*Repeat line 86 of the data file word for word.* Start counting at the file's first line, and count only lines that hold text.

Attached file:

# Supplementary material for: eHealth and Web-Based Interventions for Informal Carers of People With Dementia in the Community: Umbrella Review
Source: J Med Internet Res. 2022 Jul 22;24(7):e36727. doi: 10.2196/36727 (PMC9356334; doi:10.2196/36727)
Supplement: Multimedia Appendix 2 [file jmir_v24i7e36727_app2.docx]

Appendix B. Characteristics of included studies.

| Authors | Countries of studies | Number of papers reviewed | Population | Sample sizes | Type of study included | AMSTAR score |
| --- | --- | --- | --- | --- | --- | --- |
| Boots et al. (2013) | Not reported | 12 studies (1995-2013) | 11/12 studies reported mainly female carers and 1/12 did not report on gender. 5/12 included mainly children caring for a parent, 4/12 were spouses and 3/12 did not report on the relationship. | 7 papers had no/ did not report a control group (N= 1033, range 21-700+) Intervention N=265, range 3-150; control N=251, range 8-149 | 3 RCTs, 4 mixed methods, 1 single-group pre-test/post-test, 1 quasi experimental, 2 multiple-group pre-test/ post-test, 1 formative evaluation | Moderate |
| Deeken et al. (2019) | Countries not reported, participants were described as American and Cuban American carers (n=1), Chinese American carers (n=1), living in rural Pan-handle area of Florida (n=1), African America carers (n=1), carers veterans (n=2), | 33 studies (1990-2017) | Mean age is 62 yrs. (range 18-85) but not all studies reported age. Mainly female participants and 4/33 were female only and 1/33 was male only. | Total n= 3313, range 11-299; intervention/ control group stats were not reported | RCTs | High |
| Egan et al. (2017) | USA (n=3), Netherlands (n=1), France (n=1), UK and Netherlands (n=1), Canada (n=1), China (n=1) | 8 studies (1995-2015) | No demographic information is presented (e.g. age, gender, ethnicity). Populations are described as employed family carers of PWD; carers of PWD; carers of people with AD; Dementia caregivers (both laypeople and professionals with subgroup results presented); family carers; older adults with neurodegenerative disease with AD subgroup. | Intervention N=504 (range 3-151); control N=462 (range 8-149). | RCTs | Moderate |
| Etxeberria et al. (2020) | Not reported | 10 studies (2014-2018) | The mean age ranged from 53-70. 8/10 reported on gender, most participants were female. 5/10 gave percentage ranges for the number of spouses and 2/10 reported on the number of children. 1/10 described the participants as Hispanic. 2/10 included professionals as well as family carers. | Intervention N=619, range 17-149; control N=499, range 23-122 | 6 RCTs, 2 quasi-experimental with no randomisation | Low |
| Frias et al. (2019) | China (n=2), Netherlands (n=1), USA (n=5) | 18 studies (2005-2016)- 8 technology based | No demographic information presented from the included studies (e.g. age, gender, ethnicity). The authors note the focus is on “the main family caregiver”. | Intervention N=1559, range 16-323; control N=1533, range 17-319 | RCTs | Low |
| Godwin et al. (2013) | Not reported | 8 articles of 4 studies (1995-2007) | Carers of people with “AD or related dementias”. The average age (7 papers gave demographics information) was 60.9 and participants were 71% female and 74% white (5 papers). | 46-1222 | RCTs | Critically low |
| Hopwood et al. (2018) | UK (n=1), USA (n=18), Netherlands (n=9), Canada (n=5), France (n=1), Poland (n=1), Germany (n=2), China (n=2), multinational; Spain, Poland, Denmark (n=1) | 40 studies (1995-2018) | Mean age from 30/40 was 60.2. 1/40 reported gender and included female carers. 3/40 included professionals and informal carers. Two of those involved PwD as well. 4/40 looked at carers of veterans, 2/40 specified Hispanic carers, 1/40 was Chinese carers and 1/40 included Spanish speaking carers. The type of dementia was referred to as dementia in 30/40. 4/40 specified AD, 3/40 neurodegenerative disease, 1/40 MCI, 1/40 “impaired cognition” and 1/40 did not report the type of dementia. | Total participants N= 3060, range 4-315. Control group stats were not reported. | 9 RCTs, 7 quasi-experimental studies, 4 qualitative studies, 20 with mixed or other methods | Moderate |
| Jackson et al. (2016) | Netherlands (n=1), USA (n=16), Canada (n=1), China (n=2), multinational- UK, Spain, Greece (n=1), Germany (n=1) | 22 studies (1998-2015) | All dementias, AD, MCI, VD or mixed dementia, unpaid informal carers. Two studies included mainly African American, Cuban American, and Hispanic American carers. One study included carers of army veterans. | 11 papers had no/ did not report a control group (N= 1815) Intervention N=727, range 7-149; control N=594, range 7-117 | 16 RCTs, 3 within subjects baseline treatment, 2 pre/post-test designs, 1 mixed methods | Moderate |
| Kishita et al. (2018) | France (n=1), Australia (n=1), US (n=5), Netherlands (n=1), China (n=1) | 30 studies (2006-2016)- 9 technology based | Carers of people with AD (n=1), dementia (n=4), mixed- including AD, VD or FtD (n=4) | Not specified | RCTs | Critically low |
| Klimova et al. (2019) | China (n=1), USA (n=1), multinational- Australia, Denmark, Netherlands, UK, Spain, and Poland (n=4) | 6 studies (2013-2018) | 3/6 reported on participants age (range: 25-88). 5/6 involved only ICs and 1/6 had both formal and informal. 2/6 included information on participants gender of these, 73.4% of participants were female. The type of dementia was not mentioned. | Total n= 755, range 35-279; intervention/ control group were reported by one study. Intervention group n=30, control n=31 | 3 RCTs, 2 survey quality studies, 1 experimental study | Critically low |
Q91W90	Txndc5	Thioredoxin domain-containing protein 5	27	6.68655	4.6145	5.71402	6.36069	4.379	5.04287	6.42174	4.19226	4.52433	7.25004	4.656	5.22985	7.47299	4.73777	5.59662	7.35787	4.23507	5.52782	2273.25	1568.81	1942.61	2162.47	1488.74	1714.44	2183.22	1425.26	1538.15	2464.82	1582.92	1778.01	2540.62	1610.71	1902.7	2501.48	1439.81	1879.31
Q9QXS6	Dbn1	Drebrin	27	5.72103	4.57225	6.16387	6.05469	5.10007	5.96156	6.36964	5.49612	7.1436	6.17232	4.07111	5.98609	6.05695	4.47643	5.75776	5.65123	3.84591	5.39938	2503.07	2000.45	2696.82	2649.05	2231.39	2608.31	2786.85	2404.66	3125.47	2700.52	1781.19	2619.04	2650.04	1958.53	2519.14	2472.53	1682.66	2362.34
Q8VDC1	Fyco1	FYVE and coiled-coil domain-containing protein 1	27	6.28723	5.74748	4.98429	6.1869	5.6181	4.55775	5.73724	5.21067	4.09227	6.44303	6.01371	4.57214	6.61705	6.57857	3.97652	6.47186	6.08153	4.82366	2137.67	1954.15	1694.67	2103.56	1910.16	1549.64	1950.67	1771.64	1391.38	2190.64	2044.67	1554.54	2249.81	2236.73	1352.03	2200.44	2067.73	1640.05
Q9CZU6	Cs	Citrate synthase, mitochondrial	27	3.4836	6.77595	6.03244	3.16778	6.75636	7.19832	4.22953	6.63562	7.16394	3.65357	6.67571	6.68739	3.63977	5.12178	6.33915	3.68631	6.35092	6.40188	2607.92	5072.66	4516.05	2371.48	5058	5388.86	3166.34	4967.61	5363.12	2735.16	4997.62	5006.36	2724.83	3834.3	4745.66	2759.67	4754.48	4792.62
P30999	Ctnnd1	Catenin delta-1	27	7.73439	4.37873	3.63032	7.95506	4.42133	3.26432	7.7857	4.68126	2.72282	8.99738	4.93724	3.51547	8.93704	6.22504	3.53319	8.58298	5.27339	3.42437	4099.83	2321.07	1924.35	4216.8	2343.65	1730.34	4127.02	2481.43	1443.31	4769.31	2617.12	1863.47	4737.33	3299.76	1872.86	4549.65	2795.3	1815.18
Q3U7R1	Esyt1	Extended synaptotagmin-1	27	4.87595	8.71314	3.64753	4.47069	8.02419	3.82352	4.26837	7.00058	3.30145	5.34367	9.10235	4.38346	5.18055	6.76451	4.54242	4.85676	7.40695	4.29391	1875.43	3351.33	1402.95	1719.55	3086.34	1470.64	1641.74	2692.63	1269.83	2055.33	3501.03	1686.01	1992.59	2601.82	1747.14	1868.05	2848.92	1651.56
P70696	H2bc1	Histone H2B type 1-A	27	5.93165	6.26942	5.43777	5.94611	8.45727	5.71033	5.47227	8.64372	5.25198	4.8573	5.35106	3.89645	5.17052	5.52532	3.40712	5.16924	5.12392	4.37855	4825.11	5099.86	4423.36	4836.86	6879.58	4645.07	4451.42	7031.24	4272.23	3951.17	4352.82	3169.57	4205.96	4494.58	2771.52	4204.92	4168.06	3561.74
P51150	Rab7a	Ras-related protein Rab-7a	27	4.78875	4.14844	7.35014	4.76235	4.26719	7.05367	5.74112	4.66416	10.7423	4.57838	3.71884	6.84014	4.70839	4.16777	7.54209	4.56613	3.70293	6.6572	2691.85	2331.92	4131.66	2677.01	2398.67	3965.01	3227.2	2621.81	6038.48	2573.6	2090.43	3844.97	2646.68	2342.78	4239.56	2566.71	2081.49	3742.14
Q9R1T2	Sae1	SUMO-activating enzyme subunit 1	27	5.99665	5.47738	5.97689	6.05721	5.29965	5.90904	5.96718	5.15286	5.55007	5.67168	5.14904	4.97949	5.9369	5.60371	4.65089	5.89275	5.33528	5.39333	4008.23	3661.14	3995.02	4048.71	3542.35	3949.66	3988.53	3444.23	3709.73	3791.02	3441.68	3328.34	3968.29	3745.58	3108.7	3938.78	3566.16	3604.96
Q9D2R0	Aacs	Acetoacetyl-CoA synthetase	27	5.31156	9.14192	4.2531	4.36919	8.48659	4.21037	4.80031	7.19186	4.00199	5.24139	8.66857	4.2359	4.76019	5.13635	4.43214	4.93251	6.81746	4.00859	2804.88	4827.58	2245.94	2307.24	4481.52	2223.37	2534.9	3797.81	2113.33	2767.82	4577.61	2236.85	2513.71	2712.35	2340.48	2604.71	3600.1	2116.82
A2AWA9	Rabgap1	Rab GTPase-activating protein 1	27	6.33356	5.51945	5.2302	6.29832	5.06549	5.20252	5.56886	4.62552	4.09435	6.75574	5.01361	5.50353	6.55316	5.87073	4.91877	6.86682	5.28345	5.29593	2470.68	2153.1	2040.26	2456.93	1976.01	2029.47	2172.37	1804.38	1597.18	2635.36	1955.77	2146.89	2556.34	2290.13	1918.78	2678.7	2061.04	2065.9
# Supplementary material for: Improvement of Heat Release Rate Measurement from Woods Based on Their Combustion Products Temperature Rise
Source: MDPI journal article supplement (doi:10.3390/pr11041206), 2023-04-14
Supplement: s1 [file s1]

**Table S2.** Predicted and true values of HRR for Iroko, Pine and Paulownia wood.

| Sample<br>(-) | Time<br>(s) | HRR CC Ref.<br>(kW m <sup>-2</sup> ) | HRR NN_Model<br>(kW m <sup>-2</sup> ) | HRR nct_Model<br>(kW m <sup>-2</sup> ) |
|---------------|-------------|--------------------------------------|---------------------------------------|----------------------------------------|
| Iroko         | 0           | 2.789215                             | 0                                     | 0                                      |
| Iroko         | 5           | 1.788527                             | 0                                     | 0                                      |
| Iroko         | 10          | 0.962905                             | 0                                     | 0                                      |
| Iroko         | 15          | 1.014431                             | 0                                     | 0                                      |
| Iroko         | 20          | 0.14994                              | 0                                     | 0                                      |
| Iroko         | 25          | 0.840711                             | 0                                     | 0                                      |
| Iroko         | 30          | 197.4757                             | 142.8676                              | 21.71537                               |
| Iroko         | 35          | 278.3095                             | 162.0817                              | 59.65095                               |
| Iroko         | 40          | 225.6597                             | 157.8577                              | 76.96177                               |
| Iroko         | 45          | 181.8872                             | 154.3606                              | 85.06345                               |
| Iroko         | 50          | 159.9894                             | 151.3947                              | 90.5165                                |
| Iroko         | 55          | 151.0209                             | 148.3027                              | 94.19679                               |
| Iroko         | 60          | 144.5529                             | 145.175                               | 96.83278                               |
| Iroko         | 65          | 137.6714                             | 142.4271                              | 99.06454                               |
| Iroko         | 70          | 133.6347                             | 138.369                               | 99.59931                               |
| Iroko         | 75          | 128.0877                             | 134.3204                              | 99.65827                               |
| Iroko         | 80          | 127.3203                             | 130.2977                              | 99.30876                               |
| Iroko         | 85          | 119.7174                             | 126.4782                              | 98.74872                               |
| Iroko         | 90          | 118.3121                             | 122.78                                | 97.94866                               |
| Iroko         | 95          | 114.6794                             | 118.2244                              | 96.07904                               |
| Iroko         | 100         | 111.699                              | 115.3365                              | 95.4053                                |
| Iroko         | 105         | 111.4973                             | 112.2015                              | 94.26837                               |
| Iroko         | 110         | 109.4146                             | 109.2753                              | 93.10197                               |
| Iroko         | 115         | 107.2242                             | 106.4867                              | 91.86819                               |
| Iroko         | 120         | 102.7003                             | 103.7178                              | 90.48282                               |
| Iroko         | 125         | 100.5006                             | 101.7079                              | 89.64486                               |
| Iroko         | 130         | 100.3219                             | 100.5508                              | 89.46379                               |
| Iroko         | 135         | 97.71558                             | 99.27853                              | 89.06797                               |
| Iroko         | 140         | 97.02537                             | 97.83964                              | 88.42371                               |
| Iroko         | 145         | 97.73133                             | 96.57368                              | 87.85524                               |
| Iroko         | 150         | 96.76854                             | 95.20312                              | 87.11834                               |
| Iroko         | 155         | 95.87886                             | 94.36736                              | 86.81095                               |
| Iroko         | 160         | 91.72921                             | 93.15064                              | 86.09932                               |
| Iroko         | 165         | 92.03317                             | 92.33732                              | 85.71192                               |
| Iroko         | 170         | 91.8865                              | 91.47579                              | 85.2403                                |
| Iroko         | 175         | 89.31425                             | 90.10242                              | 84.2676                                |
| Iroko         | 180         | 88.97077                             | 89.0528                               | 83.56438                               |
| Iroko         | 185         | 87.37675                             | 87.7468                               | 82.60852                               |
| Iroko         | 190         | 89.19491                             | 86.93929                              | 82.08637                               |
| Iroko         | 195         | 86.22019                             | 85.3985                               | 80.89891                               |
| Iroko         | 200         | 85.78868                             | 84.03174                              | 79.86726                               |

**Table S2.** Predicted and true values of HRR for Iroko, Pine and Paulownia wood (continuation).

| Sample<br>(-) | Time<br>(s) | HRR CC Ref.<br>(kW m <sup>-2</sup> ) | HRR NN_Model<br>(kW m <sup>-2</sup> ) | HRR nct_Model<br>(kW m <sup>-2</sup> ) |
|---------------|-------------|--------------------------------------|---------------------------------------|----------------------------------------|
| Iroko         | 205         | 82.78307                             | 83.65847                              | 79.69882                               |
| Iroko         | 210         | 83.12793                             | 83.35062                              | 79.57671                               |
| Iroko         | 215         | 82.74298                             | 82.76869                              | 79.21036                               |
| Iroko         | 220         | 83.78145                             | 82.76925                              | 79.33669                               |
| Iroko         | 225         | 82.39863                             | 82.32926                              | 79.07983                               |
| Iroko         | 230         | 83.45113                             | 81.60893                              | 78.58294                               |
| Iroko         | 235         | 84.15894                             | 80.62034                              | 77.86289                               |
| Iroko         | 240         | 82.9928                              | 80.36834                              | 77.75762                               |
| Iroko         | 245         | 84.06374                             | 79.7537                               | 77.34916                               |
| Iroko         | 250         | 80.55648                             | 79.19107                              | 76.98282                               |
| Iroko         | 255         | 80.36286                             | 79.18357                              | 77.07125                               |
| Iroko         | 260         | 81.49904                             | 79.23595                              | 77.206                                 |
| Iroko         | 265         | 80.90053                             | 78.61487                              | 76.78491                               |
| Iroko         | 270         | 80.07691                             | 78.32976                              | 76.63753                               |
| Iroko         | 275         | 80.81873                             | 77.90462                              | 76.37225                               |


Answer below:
| Iroko         | 245         | 84.06374                             | 79.7537                               | 77.34916                               |